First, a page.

Sunday, 16 June 2013

From one chocolate factory to another

My cultural intake this week has exceeded my usual allowance, which has been fabulous.  From Graham Greene, to Roald Dahl, and the Menier Chocolate Factory to the Theatre Royal Drury Lane.  On successive evenings I was lucky enough to take a seat and enjoy a fantastic performance.  Two very different but equally enjoyable feasts for the eyes, ears and one's adventurous imagination.  

What the shows had in common was brilliant choreography.  There was little work to be done by the audience, who were transported wherever it was that we needed to be, to appreciate what was on offer.  Travels with my Aunt exceeded expectations and comprised astonishing performances, only enhanced by the proximity with the stage.  I was captivated from the opening lines - and successfully transported from Southwood to Istanbul on the Orient Express, and later to Buenos Aires, before quickly moving onto Paraguay.


Charlie and the Chocolate Factory did not disappoint.  I quite enjoy a musical spectacle, and this hit the spot.  I found myself easily drawn into the world of make believe, and Willy Wonka's promised land (complete with the almost irresistible chocolate waterfall).  It was none too difficult to temporarily leave London and enter into a world of endless possibility which (according to the song) has to be believed to be seen.

I also let go of expectations from the movie I grew up with (and it's subsequent re-make) to fully appreciate the up to the moment production which the audience intimated was relevant to all.  In front of me sat at least 3 generations all of whom were spell bound.  The Oompa Loompas were marvellous, the set was magnificent - Wonka's factory did not disappoint.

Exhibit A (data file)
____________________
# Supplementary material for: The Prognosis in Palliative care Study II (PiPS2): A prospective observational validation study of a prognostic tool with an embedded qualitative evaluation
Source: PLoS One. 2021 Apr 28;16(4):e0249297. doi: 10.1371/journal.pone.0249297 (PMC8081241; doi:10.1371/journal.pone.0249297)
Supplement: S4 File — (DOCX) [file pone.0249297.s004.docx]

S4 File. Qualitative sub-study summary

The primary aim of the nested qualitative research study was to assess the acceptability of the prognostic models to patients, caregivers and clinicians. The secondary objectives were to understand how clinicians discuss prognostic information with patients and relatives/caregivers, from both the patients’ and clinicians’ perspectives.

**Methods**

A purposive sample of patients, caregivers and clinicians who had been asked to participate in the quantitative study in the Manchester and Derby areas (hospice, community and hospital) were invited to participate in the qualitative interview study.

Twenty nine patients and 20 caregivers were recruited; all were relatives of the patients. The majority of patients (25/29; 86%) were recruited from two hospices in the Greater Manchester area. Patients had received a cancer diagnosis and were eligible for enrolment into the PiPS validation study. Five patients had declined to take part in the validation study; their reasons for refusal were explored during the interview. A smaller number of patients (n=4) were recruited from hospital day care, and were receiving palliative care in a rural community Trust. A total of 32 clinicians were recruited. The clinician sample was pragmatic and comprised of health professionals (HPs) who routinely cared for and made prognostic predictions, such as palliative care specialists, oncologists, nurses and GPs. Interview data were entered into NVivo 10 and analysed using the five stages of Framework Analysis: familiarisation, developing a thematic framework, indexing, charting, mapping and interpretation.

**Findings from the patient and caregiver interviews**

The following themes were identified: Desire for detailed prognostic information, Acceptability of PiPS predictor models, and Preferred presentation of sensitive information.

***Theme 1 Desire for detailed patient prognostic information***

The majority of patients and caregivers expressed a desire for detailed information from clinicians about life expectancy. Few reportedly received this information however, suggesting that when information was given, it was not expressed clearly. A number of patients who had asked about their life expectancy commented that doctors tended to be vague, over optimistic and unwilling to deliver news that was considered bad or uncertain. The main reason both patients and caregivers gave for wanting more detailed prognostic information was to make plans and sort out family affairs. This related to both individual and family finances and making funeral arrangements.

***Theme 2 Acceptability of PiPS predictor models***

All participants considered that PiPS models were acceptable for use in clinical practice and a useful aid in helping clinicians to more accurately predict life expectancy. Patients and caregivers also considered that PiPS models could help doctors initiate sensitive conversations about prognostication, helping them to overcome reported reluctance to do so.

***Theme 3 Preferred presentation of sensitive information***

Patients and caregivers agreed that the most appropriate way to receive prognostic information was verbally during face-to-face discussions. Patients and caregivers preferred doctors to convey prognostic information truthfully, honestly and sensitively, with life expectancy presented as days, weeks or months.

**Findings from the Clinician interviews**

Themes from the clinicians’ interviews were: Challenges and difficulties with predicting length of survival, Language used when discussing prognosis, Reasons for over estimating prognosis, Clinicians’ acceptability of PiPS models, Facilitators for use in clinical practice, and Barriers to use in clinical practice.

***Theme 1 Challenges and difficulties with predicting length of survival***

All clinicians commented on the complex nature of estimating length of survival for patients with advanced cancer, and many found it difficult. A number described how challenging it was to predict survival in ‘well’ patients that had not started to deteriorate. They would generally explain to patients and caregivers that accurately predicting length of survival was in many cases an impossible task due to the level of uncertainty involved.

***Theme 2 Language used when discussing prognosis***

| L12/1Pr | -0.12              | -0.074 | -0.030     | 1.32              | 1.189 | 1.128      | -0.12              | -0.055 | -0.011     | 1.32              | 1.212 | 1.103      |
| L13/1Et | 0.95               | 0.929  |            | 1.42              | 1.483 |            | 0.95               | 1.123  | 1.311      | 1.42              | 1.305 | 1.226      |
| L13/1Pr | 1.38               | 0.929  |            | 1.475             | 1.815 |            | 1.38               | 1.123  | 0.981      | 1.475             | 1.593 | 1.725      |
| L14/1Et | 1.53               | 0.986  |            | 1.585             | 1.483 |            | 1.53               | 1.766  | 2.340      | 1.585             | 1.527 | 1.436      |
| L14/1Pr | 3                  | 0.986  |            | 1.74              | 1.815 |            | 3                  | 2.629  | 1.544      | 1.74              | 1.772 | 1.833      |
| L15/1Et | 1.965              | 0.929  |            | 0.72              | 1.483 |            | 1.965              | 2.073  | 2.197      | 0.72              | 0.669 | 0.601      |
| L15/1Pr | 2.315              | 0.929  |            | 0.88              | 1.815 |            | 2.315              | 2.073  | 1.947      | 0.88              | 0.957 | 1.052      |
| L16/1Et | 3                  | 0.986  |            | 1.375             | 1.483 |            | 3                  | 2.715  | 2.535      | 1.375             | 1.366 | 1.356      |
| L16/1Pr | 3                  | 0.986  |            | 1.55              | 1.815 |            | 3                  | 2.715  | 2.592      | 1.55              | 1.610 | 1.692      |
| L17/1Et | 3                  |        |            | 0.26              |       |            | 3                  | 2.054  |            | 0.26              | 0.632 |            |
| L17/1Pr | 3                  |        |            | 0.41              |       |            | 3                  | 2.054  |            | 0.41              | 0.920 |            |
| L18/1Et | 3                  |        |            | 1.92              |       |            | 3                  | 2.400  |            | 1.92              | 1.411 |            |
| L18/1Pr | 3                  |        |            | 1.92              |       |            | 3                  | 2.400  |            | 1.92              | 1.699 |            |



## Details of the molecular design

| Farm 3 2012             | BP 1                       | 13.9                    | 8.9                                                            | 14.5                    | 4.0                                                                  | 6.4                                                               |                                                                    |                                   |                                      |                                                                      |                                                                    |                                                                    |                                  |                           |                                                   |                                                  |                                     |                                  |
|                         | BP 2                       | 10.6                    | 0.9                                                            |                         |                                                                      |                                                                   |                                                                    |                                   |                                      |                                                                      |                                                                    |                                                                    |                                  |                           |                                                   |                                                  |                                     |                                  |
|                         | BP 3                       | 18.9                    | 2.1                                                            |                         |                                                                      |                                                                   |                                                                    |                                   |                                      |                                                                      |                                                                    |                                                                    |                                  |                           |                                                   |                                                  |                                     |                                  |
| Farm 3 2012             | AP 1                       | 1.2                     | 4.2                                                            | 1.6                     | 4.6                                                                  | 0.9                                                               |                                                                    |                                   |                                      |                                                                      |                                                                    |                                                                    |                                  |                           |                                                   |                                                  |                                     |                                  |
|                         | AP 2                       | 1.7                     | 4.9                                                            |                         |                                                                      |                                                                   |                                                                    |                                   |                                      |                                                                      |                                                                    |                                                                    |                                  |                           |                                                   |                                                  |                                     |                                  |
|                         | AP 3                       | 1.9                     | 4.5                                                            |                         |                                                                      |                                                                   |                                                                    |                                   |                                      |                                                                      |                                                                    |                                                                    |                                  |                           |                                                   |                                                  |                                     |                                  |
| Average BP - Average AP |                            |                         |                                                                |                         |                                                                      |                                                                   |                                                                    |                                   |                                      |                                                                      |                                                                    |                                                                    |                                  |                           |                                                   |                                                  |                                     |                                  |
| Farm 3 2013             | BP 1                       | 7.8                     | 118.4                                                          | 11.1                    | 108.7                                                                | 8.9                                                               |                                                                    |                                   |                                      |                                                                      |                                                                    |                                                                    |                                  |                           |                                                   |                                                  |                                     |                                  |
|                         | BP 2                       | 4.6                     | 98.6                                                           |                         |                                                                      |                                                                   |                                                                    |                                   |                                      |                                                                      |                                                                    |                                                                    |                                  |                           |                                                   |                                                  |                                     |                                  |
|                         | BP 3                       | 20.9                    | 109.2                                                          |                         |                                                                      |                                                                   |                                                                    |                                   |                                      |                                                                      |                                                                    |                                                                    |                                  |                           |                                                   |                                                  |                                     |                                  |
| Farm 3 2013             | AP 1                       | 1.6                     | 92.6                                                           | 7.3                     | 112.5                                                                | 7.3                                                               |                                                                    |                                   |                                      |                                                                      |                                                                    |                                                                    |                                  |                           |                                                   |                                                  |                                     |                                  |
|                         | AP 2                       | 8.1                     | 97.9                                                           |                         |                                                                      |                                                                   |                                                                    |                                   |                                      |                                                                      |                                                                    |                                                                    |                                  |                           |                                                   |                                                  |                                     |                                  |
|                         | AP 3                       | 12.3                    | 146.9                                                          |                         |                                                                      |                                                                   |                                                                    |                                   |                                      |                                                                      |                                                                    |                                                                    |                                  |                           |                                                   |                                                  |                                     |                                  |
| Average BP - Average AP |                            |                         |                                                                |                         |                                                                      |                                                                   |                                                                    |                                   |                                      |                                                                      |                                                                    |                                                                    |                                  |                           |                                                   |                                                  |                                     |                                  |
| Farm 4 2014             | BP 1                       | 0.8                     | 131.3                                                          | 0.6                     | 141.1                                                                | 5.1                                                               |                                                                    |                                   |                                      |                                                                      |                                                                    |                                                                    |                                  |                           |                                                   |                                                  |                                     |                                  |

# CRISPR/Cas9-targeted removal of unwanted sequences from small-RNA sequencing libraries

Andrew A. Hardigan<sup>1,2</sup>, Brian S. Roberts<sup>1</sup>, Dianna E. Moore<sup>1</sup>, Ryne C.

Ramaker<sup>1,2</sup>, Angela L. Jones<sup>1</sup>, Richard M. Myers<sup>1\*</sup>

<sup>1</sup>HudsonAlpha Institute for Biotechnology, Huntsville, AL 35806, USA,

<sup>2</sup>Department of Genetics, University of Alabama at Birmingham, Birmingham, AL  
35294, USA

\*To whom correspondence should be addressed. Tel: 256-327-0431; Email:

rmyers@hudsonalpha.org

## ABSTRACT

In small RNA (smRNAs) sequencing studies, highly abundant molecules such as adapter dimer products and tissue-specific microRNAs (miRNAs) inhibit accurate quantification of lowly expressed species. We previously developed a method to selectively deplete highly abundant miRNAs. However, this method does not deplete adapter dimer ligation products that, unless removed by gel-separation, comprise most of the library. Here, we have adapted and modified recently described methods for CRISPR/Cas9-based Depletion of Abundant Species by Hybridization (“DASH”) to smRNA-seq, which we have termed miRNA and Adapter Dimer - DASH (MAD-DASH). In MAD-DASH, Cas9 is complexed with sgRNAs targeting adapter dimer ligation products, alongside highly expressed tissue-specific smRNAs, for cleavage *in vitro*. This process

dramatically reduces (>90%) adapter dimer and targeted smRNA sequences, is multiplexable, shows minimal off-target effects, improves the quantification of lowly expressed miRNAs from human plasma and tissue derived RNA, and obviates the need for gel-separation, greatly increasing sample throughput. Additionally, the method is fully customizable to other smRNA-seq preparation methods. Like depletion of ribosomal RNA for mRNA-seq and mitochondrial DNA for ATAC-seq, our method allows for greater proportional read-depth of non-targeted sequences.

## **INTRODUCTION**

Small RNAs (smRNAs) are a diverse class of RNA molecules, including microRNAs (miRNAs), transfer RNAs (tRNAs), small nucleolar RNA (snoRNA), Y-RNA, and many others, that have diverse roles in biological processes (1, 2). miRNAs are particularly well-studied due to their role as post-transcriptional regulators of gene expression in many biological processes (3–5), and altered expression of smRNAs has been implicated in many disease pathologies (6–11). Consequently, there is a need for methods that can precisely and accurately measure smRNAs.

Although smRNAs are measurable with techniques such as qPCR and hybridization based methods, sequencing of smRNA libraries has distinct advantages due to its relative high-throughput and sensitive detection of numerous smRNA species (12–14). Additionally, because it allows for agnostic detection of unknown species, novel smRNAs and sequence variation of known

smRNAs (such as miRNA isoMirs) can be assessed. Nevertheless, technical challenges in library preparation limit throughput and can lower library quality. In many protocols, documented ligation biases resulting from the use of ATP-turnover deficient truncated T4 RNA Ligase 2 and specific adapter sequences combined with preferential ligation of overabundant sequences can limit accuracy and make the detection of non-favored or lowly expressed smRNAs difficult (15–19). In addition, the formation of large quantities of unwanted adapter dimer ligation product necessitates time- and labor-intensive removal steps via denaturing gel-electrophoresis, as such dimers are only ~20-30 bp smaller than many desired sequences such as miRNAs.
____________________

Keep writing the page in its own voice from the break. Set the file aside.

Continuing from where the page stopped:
Dahl's observation of nature / nurture, and the influences on young minds is stunning material for psychological appraisal.  It is a marvelous observation of the perils of adolescence which seems pertinent some 50 years after it was written.  


Mrs Gloop is chronically codependent and in complete denial as to her obese son's disordered eating, and is what might be described as a feeder.  Meanwhile the spineless Mr Salt is a classic enabler of his narcissistic daughter, lacking any boundaries, compensating by pandering to her ever whim, no matter how ridiculous.  And the loathsome Mr B seems intent on making as much money as possible pimping out his precocious daughter, oblivious to the consequences of her swollen ego which seems to have outgrown her petite gum chewing frame.  Mike Teavee whom we see terrorise his valium swallowing mother, bears close resemblance to many a stroppy teenager immersed in a virtual world of violent video games.  Verruca's relationship with her pathetic father is an attachment case study waiting to be written and Charlie emerges as something of a humble hero - the perfectly behaved budding inventor who has no shortage of imagination and never ceases to hope for the best.  

Charlie and his family are eternal optimists: Dreams can come true.  Dreams can be surpassed.  His grandfather is a pathological liar, his grandmother an alcoholic gambler. His father is hopelessly unemployed and depressed, whilst his exhausted and anxious mother has no choice but to work shifts.  But theirs is an enduring hope.  Wonka is a victim of his own success.  We see him as lonely, and alone.  Surrounded rather than comforted by his loyal sages, the Oompa Loompas who see beyond people's behaviour.  

Sadly, the elevators at Covent Garden Station lacked any magic, and shortly after theatre kick-out boasted impressive queues which meant that descending the 193 steps (equivalent to a 15 storey building, as the rolling announcement proclaimed) was the more straightforward option.  



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